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Friday, March 1, 2013

Wieckowski Helping Students Do Their Financial Homework With Bill Of Rights

ASSEMBLY//LEGISLATIVE UPDATE | College graduates saddled with enormous debt following is a growing problem in an economy with little remorse for their inability to find suitable employment to pay back creditors.

Alleviating this seemingly perverse divestment in young people’s future continues to be a major theme in Assemblyman Bob Wieckowski’s stack of bills offered this year. Four bills comprise what Wieckowski calls the “Student Bill of Rights.”

Rules for paying back federal loans have built-in safeguards protecting borrowers and allowing for deferments for those navigating troubling patches of financial turmoil. Loans offered by private lenders, however, have fewer protections. But, Wieckowski, who represents Fremont and portions south to San Jose, wants students to first be better prepared before they even sign loan documents.

AB 391 would require the state Department of Education to add curriculum standards helping students better understand basic financial matters, such as budgeting and saving their money, loans and credit, identity theft and options for paying for college. California is just one of four states that do not include instruction on personal finance, says Wieckowski.

The “Know Before You Owe Act,” AB 534, takes the next logical step placing federal requirements for understanding the terms of private student loans. Wieckowski hopes have students avoid situations where they unwittingly seek private loans with exorbitant interest rates without a basic understanding of the loan agreement.

Once entangled in debt from private loans, AB 233 would prevent wage garnishment eating away large chunks of their income. According to the bill, the action also encourages lenders to seek more lenient repayment plans with borrowers.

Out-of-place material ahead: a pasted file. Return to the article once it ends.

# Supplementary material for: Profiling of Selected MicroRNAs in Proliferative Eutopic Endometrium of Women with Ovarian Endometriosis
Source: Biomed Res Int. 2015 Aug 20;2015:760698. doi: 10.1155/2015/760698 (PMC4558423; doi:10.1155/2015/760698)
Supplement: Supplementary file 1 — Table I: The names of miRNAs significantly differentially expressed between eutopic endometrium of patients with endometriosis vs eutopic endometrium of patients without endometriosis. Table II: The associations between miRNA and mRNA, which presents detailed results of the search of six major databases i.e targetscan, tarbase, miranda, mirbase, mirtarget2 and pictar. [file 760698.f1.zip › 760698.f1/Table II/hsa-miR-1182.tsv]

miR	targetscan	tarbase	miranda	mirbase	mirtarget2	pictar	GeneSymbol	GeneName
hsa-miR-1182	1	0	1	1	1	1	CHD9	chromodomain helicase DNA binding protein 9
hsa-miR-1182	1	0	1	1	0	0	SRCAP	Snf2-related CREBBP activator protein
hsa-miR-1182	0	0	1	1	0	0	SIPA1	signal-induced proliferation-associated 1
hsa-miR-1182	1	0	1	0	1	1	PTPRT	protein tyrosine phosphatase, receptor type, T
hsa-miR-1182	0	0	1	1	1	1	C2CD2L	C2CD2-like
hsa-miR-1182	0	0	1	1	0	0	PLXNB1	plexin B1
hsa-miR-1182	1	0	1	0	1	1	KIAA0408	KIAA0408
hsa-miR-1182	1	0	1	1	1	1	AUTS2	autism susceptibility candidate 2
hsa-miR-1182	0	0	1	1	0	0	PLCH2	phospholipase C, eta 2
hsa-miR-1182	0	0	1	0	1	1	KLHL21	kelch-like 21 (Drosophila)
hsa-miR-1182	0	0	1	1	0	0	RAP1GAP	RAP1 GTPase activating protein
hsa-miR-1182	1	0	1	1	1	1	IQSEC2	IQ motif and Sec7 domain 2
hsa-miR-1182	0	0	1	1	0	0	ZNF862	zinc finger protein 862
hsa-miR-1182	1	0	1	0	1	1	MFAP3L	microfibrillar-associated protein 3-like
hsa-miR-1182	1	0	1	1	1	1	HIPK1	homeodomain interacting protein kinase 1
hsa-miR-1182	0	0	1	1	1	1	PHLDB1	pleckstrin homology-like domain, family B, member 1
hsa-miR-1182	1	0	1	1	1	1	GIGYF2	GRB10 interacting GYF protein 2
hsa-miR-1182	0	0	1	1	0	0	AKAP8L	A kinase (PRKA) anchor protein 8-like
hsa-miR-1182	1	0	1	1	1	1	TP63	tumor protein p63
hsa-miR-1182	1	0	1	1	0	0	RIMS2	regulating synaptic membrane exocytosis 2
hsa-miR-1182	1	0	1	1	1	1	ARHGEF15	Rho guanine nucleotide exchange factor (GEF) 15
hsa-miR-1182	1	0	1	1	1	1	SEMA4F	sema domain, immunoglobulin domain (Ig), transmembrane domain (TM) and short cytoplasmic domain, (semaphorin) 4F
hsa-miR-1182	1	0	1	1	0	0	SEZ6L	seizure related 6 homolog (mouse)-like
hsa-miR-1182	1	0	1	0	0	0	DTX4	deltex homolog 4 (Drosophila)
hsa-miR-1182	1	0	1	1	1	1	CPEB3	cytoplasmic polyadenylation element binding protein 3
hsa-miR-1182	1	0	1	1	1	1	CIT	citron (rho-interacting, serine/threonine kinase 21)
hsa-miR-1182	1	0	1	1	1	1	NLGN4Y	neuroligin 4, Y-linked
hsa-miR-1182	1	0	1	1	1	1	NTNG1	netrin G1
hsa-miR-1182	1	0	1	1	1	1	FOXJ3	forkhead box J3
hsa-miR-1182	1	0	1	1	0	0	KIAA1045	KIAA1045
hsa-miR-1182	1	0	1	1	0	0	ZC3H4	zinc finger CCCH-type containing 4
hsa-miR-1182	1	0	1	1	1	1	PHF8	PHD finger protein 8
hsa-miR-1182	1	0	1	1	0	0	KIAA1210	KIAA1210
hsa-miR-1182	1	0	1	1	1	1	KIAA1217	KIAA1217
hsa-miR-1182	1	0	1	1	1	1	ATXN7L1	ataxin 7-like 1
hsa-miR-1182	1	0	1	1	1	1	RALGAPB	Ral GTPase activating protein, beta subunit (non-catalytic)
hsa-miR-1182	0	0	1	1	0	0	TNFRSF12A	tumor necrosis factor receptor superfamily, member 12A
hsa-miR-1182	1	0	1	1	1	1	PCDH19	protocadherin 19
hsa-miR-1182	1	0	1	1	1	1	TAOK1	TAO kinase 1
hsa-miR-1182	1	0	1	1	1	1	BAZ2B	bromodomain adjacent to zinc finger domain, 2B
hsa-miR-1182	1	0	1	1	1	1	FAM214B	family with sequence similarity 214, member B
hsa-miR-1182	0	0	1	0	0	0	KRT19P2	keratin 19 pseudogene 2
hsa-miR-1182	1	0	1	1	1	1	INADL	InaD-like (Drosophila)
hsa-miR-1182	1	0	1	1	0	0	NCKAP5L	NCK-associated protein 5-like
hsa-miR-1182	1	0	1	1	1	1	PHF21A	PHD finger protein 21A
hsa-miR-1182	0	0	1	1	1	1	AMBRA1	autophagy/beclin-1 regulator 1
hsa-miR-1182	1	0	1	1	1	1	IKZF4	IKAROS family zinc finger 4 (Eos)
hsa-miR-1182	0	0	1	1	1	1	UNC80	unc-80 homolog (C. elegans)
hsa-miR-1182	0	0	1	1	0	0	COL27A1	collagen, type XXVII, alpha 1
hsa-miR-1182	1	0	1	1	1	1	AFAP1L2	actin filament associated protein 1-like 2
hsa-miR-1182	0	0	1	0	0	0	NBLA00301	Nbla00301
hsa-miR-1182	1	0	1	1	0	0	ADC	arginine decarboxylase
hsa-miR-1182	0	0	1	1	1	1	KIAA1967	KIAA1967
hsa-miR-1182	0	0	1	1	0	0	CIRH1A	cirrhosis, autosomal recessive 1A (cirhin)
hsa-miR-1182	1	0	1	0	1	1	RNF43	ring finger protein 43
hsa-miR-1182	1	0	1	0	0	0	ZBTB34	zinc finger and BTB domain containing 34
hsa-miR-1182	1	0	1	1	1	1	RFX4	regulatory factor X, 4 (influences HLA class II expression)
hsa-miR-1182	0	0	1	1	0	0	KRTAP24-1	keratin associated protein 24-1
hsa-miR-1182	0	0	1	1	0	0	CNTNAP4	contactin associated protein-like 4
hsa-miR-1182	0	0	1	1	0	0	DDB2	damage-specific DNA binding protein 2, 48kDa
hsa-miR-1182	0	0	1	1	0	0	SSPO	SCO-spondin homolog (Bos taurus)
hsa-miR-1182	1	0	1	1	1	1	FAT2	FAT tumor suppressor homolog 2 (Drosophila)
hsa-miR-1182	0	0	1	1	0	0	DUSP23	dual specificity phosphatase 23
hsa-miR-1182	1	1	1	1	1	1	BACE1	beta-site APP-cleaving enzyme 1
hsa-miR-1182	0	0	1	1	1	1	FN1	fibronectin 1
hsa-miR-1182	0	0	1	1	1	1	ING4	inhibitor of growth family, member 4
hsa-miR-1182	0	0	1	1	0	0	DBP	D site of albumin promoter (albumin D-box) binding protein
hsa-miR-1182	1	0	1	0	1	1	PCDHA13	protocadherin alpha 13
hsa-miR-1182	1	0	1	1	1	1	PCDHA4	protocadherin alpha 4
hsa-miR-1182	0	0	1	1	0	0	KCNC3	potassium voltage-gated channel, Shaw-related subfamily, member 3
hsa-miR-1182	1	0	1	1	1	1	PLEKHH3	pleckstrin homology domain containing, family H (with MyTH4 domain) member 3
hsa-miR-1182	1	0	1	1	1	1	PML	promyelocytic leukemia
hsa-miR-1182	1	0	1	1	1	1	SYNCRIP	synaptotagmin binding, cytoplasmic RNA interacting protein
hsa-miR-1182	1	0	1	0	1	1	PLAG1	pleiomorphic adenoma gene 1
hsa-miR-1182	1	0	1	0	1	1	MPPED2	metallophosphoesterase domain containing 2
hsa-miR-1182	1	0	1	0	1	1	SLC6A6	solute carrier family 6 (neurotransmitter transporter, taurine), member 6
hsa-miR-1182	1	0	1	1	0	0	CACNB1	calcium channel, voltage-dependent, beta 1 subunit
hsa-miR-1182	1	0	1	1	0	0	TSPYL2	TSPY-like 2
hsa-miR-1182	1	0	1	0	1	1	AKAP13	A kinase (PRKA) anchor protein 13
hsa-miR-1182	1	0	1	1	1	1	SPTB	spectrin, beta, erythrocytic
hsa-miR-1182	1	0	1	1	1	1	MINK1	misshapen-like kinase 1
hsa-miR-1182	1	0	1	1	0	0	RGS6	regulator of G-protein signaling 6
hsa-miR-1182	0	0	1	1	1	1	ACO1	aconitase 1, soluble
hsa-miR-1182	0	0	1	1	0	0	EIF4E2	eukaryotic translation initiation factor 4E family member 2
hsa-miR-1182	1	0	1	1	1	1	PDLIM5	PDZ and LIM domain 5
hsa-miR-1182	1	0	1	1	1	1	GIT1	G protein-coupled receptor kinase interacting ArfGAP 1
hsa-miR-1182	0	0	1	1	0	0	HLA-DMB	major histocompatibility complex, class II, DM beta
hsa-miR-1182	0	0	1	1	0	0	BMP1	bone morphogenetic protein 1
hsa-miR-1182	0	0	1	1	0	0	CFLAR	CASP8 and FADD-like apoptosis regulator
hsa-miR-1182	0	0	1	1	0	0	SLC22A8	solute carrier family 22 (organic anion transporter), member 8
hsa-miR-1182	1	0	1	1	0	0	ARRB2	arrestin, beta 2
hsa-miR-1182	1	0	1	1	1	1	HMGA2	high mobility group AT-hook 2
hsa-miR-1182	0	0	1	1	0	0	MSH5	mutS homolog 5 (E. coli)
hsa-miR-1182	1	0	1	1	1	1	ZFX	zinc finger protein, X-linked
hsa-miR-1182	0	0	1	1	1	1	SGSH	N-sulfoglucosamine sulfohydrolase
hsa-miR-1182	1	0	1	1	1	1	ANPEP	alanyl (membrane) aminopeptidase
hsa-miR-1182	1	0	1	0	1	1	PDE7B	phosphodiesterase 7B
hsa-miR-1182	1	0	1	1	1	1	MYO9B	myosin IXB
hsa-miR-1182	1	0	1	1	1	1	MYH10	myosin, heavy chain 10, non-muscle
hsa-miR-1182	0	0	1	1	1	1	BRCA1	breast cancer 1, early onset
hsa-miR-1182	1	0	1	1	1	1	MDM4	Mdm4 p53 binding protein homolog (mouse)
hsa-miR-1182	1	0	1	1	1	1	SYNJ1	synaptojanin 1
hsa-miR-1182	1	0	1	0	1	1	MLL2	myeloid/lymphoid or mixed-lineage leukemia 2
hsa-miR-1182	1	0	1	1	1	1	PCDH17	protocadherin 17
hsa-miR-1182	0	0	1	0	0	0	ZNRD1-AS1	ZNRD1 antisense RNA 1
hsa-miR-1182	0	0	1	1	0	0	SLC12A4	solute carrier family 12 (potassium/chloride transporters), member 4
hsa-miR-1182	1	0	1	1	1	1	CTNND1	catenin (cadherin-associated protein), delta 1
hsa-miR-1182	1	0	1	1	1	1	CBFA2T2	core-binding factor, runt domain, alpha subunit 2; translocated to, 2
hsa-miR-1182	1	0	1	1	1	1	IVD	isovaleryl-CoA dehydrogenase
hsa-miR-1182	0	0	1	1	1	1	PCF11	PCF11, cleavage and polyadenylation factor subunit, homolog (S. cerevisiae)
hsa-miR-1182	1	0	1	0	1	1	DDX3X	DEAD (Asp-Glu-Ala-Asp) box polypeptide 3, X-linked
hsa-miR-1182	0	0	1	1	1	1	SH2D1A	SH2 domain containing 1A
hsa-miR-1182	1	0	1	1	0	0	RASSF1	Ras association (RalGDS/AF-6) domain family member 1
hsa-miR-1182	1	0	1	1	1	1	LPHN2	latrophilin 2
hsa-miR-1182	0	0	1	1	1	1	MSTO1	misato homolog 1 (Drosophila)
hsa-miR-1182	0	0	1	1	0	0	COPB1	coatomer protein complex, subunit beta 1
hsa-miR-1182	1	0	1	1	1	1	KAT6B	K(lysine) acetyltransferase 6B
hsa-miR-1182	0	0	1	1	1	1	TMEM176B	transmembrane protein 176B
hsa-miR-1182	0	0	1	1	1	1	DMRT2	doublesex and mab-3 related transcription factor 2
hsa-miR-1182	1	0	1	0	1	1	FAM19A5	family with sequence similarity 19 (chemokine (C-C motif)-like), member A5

In addition, the “Financial Fresh $tart Act” is a joint resolution urging the President and Congress to allow student loan borrowers to discharge their debt in bankruptcy proceedings. Since 2005, those in Chapter 7 and 13 bankruptcy, can no longer seek to wipe clean their student loan debt.

1 comments :

By MW:

Since those who attend law school often end up with debts of from 100K to 200K by the time they graduate (NOTE: in recent years it has become the trend at many universities, and including the University of California, to charge drastically higher tuition to the students enrolled in the law school than the university does to most of its other students, and with law school students willing to pay that skyhigh tuition since they expect to make huge salaries once they become lawyers, and therefore their law schools have become cash cows to many universities), many law school gradautes end up with huge debts they will never be able to repay.

In other words the law schools, and in the hope of getting as many students as possible enrolled to pay their skyhigh tuition, lie like crazy about the future job prospects and income possibilities their graduates will have.

(Since at least virtually all of the deans, and at least the overwhelming majority of the teachers, at law schools are themselves lawyers, and since most lawyers are totally unprincipled professional pathological liars, therefore they lie like crazy to their applicants and students, and including about the supposedly fantastic future economic prospects their gradautes will have, and even though actually there is, and has been for at least a few years, an extreme oversupply of young lawyers. And as a result many young law school graduates will end up working for less than twenty dollars per hour, and in some cases for less than fifteen dolars an hour.)

The law schools also do not inform their applicants that: one, lawyers have far and away the highest rates of drug addiction of any major profession; and two, many of those drug addicted lawyers became drug addicts while attending law school.

In othe words the totally unprincipled pathological liars, con men, and snake oil salesmen who serve as deans at most law schools should be required to provide all of their applicants, and also the applicants' parents, and including since in many cases the parents will be paying at least a large porition of the student's tuition, with: one, real and actual employment and income possibilities for their graduates, and rather than lies; and two, the percentage of their studentws and graduates who become alcoholics and drug addicts.

Making such accurate statistics available would give considerable insight as to which law schools should be allowed to stay in business and which ones should be declared RICO violators and forced to go out of business.

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